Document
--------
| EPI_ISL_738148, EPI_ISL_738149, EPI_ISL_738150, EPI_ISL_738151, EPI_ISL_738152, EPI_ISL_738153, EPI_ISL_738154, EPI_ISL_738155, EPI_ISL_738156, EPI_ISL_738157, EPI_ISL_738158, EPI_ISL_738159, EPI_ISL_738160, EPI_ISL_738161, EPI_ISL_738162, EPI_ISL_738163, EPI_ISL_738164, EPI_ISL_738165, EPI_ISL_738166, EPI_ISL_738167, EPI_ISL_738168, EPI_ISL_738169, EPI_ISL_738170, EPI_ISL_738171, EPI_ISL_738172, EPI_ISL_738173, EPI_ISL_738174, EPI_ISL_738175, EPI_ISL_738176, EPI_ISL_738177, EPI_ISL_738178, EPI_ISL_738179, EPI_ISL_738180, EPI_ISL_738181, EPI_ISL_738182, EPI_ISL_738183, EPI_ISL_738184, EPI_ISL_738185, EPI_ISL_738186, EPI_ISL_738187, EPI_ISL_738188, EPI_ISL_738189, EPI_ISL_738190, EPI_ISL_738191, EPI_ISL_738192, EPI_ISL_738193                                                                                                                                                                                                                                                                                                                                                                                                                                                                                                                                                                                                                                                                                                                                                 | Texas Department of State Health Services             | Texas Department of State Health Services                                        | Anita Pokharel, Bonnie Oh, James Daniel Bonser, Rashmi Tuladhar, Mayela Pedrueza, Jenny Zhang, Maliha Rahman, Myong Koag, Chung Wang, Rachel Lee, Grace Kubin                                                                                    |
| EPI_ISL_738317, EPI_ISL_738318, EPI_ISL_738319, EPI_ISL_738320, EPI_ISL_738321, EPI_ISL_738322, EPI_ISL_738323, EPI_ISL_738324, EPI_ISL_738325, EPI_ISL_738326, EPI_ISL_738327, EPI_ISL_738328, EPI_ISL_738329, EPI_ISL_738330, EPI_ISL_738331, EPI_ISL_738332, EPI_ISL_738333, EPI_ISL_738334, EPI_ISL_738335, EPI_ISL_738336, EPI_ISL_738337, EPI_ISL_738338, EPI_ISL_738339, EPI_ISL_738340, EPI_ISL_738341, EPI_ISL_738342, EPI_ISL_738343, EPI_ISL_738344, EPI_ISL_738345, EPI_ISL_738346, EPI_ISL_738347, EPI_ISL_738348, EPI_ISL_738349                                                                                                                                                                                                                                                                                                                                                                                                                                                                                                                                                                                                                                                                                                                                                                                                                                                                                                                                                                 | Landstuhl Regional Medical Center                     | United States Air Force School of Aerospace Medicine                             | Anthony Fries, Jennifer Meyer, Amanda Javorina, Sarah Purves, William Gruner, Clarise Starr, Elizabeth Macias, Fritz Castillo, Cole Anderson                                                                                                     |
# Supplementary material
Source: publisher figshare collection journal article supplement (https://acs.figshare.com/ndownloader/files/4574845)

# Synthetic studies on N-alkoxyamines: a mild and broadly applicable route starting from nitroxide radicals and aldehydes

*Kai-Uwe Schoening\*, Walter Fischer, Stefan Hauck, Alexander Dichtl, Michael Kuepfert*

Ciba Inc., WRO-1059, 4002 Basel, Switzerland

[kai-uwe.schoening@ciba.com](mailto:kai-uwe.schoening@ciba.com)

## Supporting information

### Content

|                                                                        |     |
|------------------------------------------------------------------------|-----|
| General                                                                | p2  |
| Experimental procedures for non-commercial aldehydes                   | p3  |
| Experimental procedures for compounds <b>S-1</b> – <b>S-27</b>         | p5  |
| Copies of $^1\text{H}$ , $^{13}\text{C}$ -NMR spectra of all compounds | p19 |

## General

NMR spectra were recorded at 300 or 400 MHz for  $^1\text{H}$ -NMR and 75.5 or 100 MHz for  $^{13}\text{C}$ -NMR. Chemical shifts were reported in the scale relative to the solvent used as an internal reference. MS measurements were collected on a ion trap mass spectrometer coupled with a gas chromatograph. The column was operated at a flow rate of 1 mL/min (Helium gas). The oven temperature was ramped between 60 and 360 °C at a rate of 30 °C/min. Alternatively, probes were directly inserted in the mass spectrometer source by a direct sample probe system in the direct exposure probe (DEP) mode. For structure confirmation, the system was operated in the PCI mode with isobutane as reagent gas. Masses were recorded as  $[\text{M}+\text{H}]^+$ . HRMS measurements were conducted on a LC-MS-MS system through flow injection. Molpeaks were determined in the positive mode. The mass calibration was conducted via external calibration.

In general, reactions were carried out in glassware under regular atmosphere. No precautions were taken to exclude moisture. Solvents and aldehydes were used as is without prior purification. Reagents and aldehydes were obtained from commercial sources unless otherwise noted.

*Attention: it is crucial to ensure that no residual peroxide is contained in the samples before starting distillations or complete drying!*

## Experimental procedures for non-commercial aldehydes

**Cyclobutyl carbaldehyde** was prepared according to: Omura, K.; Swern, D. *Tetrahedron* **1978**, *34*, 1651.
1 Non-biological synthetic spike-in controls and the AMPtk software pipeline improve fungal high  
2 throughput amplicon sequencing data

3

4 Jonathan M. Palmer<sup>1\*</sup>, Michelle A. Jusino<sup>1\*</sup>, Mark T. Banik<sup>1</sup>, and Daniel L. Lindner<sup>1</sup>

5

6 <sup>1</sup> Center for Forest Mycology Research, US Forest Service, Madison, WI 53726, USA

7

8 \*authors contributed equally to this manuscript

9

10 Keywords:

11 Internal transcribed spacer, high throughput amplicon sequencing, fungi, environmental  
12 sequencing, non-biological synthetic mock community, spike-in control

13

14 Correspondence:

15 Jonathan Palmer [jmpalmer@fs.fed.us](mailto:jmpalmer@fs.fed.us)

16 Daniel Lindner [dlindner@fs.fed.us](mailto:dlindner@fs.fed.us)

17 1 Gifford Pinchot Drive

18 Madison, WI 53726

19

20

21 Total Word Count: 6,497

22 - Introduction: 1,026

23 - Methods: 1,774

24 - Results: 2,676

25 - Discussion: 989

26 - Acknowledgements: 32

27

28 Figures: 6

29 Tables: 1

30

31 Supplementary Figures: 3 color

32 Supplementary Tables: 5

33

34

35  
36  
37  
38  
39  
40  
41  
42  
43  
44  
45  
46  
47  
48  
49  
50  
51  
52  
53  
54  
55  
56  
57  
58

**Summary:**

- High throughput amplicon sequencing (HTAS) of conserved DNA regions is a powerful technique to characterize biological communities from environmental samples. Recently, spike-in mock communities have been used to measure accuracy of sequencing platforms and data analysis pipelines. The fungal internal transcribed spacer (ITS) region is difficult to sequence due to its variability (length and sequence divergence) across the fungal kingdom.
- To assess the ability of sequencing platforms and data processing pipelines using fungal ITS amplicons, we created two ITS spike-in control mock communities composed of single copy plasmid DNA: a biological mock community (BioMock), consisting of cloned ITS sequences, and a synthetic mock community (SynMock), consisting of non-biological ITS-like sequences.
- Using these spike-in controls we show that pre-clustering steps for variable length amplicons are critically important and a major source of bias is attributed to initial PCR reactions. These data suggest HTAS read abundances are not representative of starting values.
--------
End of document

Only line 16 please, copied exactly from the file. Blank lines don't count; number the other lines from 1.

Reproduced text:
| Copies of $^1\text{H}$ , $^{13}\text{C}$ -NMR spectra of all compounds | p19 |